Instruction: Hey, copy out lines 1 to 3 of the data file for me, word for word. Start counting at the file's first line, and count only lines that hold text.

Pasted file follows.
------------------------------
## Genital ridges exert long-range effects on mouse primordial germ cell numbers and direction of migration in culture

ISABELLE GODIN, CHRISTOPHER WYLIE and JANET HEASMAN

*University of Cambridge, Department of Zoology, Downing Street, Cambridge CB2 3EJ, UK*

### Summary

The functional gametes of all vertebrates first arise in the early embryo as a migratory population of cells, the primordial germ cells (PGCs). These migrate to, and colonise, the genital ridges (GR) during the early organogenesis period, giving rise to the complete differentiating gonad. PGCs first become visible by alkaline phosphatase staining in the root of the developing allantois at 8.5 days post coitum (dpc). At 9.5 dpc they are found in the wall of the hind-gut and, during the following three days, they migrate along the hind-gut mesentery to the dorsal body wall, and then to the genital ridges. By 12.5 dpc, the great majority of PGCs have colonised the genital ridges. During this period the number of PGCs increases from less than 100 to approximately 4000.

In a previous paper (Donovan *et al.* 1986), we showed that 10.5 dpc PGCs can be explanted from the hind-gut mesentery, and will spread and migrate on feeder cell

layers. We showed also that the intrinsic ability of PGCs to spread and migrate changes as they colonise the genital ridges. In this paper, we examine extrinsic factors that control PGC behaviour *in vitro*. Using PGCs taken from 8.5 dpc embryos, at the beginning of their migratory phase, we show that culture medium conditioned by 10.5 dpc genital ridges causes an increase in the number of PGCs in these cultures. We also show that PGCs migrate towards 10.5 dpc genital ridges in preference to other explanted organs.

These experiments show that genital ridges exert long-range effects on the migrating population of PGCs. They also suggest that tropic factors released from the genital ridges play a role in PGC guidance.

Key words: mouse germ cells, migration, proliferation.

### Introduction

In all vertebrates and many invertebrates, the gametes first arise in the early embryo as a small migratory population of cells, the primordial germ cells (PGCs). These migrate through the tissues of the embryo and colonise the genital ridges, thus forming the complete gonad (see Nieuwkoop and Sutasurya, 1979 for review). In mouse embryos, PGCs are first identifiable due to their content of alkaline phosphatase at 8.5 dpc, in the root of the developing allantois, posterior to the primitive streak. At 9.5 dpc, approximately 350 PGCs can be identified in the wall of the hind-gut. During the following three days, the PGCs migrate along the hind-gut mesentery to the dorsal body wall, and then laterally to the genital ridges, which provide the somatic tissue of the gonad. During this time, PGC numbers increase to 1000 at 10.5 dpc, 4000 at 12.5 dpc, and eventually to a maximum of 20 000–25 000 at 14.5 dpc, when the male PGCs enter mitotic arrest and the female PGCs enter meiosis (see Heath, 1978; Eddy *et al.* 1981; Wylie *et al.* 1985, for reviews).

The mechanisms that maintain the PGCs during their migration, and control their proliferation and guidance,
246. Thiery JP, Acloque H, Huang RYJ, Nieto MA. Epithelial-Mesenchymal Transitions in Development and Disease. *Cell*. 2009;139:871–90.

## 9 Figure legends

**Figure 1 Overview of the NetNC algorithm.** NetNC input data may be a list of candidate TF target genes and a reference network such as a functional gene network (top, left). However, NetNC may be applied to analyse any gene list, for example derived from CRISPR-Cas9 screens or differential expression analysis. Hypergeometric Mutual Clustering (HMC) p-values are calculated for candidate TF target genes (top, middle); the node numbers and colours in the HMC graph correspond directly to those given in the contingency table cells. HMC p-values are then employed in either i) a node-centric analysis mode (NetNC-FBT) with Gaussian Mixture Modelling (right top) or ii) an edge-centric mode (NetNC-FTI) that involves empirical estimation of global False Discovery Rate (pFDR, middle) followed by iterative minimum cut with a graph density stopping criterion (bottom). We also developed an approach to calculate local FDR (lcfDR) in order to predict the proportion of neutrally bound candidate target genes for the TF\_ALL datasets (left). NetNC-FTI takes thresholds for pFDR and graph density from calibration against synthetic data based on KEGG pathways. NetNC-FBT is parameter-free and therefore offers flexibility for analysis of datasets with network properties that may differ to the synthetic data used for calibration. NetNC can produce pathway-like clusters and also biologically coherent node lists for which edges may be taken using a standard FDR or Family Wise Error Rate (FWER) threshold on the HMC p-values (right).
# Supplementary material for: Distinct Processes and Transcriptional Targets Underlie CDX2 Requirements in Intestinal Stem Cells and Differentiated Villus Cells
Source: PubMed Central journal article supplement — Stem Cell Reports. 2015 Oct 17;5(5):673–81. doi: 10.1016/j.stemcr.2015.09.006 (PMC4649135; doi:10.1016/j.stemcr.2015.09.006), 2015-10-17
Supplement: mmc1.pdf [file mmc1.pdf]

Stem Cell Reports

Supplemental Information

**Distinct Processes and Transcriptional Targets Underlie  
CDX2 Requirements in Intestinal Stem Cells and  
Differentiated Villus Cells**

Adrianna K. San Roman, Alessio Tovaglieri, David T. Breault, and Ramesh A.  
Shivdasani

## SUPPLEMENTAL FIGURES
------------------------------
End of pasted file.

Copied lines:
## Genital ridges exert long-range effects on mouse primordial germ cell numbers and direction of migration in culture

ISABELLE GODIN, CHRISTOPHER WYLIE and JANET HEASMAN

*University of Cambridge, Department of Zoology, Downing Street, Cambridge CB2 3EJ, UK*